Issue Date: January 29, 2007
Tracking fossil fuel CO2 with corn
The distribution of fossil-fuel-produced CO2 in the lower atmosphere may be reflected in the tissues of annual plants—corn in particular—a new study suggests. Fossil fuels contain no 14C, a trait that renders the CO2 produced when we burn coal, oil, and gas distinguishable from other atmospheric CO2 sources. Annual plants take in this CO2 during their growth cycle. In areas with higher fossil-fuel-derived CO2, carbon in the plant tissue contains relatively lower percentages of 14C. This allows scientists to monitor atmospheric composition over an entire season. With this in mind, James T. Randerson, of the University of California, Irvine, and colleagues measured levels of 14C in corn plants in dozens of farmers' fields throughout North America and found a clear pattern: The Rocky Mountains, where 14C levels were highest, act as a barrier to fossil fuel CO2 migration across the U.S. Fossil fuel CO2 levels were higher in California and on the East Coast, particularly in states such as Pennsylvania and West Virginia (Geophys. Res. Lett. 2007, 34, L02816).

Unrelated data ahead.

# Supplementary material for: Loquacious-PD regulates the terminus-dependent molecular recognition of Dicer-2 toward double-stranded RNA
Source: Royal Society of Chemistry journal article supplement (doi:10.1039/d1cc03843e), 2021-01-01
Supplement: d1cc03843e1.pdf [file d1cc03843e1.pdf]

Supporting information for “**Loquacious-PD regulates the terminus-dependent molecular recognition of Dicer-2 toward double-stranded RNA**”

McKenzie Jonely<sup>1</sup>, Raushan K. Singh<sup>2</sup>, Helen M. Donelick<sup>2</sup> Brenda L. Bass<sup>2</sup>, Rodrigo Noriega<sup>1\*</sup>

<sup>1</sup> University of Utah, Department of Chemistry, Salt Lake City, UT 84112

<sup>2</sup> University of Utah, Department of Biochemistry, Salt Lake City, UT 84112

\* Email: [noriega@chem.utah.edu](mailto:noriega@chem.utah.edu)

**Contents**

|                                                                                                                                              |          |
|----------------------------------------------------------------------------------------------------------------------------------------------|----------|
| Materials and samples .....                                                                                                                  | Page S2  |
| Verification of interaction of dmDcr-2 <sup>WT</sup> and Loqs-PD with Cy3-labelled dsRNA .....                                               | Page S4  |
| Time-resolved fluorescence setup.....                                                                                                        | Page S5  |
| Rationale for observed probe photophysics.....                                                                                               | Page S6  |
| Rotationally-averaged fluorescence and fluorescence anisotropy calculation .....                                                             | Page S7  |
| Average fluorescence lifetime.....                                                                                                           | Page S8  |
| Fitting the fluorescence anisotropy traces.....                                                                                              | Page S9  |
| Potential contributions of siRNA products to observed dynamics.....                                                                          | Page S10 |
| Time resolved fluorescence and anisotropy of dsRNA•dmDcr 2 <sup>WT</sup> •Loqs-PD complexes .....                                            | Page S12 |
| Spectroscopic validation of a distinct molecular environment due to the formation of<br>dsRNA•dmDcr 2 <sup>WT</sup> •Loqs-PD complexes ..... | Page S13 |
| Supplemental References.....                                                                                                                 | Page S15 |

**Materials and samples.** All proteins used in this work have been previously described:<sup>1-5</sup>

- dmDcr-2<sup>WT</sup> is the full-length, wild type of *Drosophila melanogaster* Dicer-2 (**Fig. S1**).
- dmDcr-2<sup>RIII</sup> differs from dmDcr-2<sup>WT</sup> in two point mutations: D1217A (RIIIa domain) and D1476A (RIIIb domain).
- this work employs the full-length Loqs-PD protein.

- Chemical & Engineering News
- ISSN 0009-2347
- Copyright © American Chemical Society